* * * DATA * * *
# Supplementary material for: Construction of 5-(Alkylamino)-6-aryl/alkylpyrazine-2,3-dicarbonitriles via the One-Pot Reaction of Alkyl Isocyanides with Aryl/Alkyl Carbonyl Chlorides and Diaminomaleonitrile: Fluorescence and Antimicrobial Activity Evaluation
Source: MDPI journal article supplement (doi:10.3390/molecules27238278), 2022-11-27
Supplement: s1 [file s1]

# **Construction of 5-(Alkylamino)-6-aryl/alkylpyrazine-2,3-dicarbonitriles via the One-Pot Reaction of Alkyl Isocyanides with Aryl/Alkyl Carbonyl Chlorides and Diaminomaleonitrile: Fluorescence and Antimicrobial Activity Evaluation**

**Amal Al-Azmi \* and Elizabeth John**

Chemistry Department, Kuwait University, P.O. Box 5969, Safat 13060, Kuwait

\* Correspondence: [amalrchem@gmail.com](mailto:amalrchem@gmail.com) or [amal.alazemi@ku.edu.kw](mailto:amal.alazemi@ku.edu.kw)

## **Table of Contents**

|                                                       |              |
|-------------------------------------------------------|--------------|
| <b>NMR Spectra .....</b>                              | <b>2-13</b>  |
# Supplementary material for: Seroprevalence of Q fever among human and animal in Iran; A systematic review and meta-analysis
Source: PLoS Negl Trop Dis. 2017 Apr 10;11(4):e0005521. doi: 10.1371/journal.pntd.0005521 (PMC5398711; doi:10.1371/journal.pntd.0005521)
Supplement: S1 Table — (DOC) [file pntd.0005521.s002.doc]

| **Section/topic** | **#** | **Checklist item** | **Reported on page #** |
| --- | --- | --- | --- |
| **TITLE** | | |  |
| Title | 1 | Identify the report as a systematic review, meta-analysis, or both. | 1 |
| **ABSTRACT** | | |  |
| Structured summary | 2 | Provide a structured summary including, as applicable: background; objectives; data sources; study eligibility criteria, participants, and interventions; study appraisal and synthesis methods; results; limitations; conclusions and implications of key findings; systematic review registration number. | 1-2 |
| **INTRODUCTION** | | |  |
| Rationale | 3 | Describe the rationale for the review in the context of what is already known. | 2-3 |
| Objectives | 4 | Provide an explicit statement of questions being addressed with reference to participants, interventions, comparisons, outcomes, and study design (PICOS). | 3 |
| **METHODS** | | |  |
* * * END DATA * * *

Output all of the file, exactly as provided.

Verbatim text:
# Supplementary material for: Construction of 5-(Alkylamino)-6-aryl/alkylpyrazine-2,3-dicarbonitriles via the One-Pot Reaction of Alkyl Isocyanides with Aryl/Alkyl Carbonyl Chlorides and Diaminomaleonitrile: Fluorescence and Antimicrobial Activity Evaluation
Source: MDPI journal article supplement (doi:10.3390/molecules27238278), 2022-11-27
Supplement: s1 [file s1]

# **Construction of 5-(Alkylamino)-6-aryl/alkylpyrazine-2,3-dicarbonitriles via the One-Pot Reaction of Alkyl Isocyanides with Aryl/Alkyl Carbonyl Chlorides and Diaminomaleonitrile: Fluorescence and Antimicrobial Activity Evaluation**

**Amal Al-Azmi \* and Elizabeth John**

Chemistry Department, Kuwait University, P.O. Box 5969, Safat 13060, Kuwait

\* Correspondence: [amalrchem@gmail.com](mailto:amalrchem@gmail.com) or [amal.alazemi@ku.edu.kw](mailto:amal.alazemi@ku.edu.kw)

## **Table of Contents**

|                                                       |              |
|-------------------------------------------------------|--------------|
| <b>NMR Spectra .....</b>                              | <b>2-13</b>  |
# Supplementary material for: Seroprevalence of Q fever among human and animal in Iran; A systematic review and meta-analysis
Source: PLoS Negl Trop Dis. 2017 Apr 10;11(4):e0005521. doi: 10.1371/journal.pntd.0005521 (PMC5398711; doi:10.1371/journal.pntd.0005521)
Supplement: S1 Table — (DOC) [file pntd.0005521.s002.doc]

| **Section/topic** | **#** | **Checklist item** | **Reported on page #** |
| --- | --- | --- | --- |
| **TITLE** | | |  |
| Title | 1 | Identify the report as a systematic review, meta-analysis, or both. | 1 |
| **ABSTRACT** | | |  |
| Structured summary | 2 | Provide a structured summary including, as applicable: background; objectives; data sources; study eligibility criteria, participants, and interventions; study appraisal and synthesis methods; results; limitations; conclusions and implications of key findings; systematic review registration number. | 1-2 |
| **INTRODUCTION** | | |  |
| Rationale | 3 | Describe the rationale for the review in the context of what is already known. | 2-3 |
| Objectives | 4 | Provide an explicit statement of questions being addressed with reference to participants, interventions, comparisons, outcomes, and study design (PICOS). | 3 |
| **METHODS** | | |  |